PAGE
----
On the other sideline, Jared Cook’s no-show last week was a little disconcerting after his huge debut with the Rams, but uncertainty comes with the territory of owning this tight end. With the bevy of other weapons at Sam Bradford’s disposal — namely Tavon Austin, Chris Givens, and Austin Pettis, in that order — Cook will unfortunately deliver the occasional clunker.
Chargers at Titans (1 p.m.)
Looks like the Titans pullin that Jared Cook card .. Looking like this the last year ill be sayin #TitanUp .. So lets make it a Great year
— Kenny Britt (@KennyBritt_18) September 17, 2013
Fantasy owners, heed Titans coach Mike Munchak: Play that Jared Cook card on Kenny Britt, and play it now. The Tennessean‘s Jim Wyatt reports that Britt was benched due to his “lackadaisical approach,” coincidentally the same reason I got a C- in high school chemistry. Britt will likely take a backseat to Kendall Wright and Nate Washington until he stops playing so much Call of Duty.
Fantasy owners would be way better off starting Eddie Royal, which is saying a lot, because Royal’s long descent back to Earth begins Sunday. Look, here’s some exclusive footage I’ve discovered of Royal’s next couple games:
Browns at Vikings (1 p.m.)
Our unstoppable strategy of starting the receiver not drawing coverage from Joe Haden is two-for-two after Baltimore’s Marlon Brown tallied a solid 10 fantasy points last week, so with Haden expected to lock down Greg Jennings on Sunday, consider Jerome Simpson a guarantee to perform well. Provided your roster isn’t brimming with stud wideouts, you can justify plugging Simpson in at WR3 or flex; he demonstrated his big-game ability in Week 1, and it never hurts to ride a guy playing for a long-term contract. Rookie Cordarrelle Patterson should eventually overtake Simpson on the depth chart, but that won’t happen until the second half of the season.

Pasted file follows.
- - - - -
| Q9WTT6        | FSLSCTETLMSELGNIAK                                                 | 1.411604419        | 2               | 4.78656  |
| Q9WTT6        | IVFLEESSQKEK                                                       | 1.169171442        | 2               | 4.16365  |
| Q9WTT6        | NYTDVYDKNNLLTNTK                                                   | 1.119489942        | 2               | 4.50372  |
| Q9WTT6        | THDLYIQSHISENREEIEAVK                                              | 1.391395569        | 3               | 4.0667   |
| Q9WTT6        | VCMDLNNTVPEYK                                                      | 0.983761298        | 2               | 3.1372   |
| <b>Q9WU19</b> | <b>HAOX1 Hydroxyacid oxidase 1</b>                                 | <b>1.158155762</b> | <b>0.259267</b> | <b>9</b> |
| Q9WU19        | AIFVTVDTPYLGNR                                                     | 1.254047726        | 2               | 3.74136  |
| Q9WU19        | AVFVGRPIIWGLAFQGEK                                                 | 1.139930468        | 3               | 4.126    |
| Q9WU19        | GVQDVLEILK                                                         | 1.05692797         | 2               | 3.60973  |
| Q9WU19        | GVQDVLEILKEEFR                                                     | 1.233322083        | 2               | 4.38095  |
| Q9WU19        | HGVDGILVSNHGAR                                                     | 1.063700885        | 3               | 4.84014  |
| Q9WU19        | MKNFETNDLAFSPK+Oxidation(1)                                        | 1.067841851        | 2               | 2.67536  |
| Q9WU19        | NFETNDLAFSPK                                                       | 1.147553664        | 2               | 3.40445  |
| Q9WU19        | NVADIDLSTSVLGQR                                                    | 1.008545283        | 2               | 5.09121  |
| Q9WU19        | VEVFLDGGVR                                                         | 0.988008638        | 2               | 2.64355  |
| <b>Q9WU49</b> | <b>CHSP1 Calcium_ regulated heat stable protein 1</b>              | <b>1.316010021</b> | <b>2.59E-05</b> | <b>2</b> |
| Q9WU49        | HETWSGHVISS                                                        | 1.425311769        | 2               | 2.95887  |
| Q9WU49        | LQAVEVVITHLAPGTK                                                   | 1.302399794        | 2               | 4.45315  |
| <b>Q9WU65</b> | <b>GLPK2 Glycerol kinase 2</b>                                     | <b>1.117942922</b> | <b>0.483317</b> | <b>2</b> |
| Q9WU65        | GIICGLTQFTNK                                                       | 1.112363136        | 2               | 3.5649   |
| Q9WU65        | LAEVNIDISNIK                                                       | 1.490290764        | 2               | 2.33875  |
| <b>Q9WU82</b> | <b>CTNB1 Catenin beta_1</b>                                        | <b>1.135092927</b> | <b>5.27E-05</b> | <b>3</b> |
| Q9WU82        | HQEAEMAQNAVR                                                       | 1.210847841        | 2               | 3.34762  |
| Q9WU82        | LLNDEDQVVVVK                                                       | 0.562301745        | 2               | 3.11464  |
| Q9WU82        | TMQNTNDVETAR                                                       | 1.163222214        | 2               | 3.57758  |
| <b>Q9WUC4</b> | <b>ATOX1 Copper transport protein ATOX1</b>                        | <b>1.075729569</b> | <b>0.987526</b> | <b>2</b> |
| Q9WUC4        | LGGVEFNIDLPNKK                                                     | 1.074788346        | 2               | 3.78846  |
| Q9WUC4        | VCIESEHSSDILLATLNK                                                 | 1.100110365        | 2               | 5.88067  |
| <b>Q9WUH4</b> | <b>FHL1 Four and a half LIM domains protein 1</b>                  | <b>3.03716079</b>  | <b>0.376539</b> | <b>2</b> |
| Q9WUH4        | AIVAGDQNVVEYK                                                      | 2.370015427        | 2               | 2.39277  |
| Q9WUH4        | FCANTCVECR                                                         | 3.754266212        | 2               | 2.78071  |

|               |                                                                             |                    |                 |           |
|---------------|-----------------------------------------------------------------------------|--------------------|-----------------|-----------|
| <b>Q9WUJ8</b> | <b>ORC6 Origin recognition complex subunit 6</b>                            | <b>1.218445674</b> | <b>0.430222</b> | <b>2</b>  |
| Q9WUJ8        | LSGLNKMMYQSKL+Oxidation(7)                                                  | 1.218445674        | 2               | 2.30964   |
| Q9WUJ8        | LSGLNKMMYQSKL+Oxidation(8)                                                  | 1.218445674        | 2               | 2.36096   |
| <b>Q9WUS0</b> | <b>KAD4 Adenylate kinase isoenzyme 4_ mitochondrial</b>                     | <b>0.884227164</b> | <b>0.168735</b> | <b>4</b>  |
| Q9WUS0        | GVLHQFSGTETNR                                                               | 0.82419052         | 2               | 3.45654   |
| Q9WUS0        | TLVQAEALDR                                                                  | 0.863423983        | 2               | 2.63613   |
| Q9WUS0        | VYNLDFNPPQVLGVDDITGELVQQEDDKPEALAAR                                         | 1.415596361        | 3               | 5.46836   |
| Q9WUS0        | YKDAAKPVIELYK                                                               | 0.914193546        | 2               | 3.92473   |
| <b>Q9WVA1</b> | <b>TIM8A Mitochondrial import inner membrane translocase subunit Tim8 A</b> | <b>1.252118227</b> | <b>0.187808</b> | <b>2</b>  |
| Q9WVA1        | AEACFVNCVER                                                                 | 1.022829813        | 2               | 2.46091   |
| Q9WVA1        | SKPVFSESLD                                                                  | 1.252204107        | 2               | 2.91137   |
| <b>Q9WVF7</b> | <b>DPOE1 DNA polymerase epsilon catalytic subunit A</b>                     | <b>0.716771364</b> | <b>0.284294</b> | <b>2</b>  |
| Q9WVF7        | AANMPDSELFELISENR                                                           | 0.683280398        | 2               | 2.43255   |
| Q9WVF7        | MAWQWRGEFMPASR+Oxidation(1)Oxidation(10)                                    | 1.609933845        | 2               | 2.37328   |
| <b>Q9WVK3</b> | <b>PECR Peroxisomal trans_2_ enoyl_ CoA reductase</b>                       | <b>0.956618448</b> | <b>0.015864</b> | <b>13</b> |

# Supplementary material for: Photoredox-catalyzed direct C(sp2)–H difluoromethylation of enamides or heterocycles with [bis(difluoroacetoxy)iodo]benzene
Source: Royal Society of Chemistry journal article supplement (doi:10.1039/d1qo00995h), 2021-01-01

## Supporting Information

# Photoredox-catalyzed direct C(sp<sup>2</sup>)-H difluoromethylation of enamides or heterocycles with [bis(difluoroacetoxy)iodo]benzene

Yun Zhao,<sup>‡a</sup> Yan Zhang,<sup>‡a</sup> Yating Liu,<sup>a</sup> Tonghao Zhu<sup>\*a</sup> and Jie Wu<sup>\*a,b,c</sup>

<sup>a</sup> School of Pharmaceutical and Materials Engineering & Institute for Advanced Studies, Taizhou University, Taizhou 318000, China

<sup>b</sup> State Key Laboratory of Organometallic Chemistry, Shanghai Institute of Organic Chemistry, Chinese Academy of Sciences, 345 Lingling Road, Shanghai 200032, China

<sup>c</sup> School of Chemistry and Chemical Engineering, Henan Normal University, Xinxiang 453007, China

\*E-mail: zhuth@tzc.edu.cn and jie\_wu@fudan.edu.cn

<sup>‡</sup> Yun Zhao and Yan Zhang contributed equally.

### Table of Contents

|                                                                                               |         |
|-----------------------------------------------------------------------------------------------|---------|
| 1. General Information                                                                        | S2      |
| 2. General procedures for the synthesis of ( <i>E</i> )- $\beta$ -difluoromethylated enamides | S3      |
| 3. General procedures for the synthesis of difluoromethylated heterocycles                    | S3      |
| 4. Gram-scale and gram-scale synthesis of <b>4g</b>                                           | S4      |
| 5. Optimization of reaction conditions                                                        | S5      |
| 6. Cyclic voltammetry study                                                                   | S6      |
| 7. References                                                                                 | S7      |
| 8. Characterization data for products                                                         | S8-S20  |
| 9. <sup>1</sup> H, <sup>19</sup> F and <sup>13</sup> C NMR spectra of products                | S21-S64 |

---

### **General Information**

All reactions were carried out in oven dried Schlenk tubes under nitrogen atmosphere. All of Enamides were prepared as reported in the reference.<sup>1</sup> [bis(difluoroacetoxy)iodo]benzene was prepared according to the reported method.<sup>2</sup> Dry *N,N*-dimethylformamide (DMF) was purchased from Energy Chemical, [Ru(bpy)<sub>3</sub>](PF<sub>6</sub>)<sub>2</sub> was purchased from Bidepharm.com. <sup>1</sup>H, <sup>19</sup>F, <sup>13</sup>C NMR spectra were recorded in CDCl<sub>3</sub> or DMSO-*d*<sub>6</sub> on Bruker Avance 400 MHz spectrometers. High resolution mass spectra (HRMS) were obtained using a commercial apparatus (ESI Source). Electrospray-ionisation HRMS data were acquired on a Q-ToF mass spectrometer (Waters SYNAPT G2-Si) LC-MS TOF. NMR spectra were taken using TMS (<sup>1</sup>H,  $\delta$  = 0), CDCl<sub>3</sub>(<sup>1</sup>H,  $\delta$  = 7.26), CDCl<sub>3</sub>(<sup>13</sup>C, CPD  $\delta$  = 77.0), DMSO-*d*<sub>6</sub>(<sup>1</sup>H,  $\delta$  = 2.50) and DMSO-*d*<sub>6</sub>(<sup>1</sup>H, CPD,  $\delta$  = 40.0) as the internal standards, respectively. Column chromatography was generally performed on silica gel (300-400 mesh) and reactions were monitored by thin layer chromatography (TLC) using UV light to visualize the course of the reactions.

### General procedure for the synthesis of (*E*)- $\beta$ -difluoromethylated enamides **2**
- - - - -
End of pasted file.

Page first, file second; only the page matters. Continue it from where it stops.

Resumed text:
Pending Willis McGahee’s physical (he supposedly passed one with the Giants last week), he could be a solid flex against a Vikings defense that has hemorrhaged 43 fantasy points to Lions and Bears rushers. No, McGahee isn’t in the same galaxy as Matt Forte, but he doesn’t need to be to warrant flex usage. It’s worth noting that Browns coach Rob Chudzinski was McGahee’s offensive coordinator at The U, which should assuage some concerns about McGahee’s ability to get up to speed with the new offense. And don’t waste your time picking up Bobby Rainey. After watching every snap of Rainey’s brief Browns career, here’s the one thing I can tell you: He’s really good at returning kickoffs to the 15-yard line. That’s it.
Finally, in honor of Josh “Gatsby” Gordon’s return from a purple-drank suspension, let’s take a moment of silence to reflect on his ridiculous ride.
Buccaneers at Patriots (1 p.m.)
The best part of fantasy football isn’t the prize money, the pride, or how it brings friends together. It is, hands down, the way it allows us to fulfill our wackiest GM fantasies. For example, yesterday I was mining my league’s free-agent pool and impulsively decided to cut EJ Manuel, whom I’d claimed off waivers after Week 1, to make room for Aaron Dobson, a guy who could really become something special if he learns to run routes properly. I dreamed up a whole conversation I’d have with Dobson informing him of the signing, and it went like this:
Me: Aaron, Matt Borcas here, GM of Smokin’ Weeden. Words cannot express how excited I am to welcome you to our organization. My scouts were up all last night studying your tape, and they came away VERY impressed. Pack your bags, because I’m sending my Gulfstream to pick you up immediately. We here at Smokin’ Weeden pride ourselves on core values of honesty, integrity, philanthropy, and twerking, and we think you’ll be a valuable asset on all four fronts. Once you pass our team-mandated physical, I can’t wait to see you out on that practice field. Did I mention our top-of-the-line facilities?
Then I proceeded to inspect the free-agent pool a little more, and someone caught my eye: Philip Rivers, currently the fourth-best player in all of fantasy, and a guy who would possess some trade value if an elite quarterback ever went down. I felt he’d be a tremendous addition to Smokin’ Weeden, forcing me to exchange a tearful good-bye with Dobson.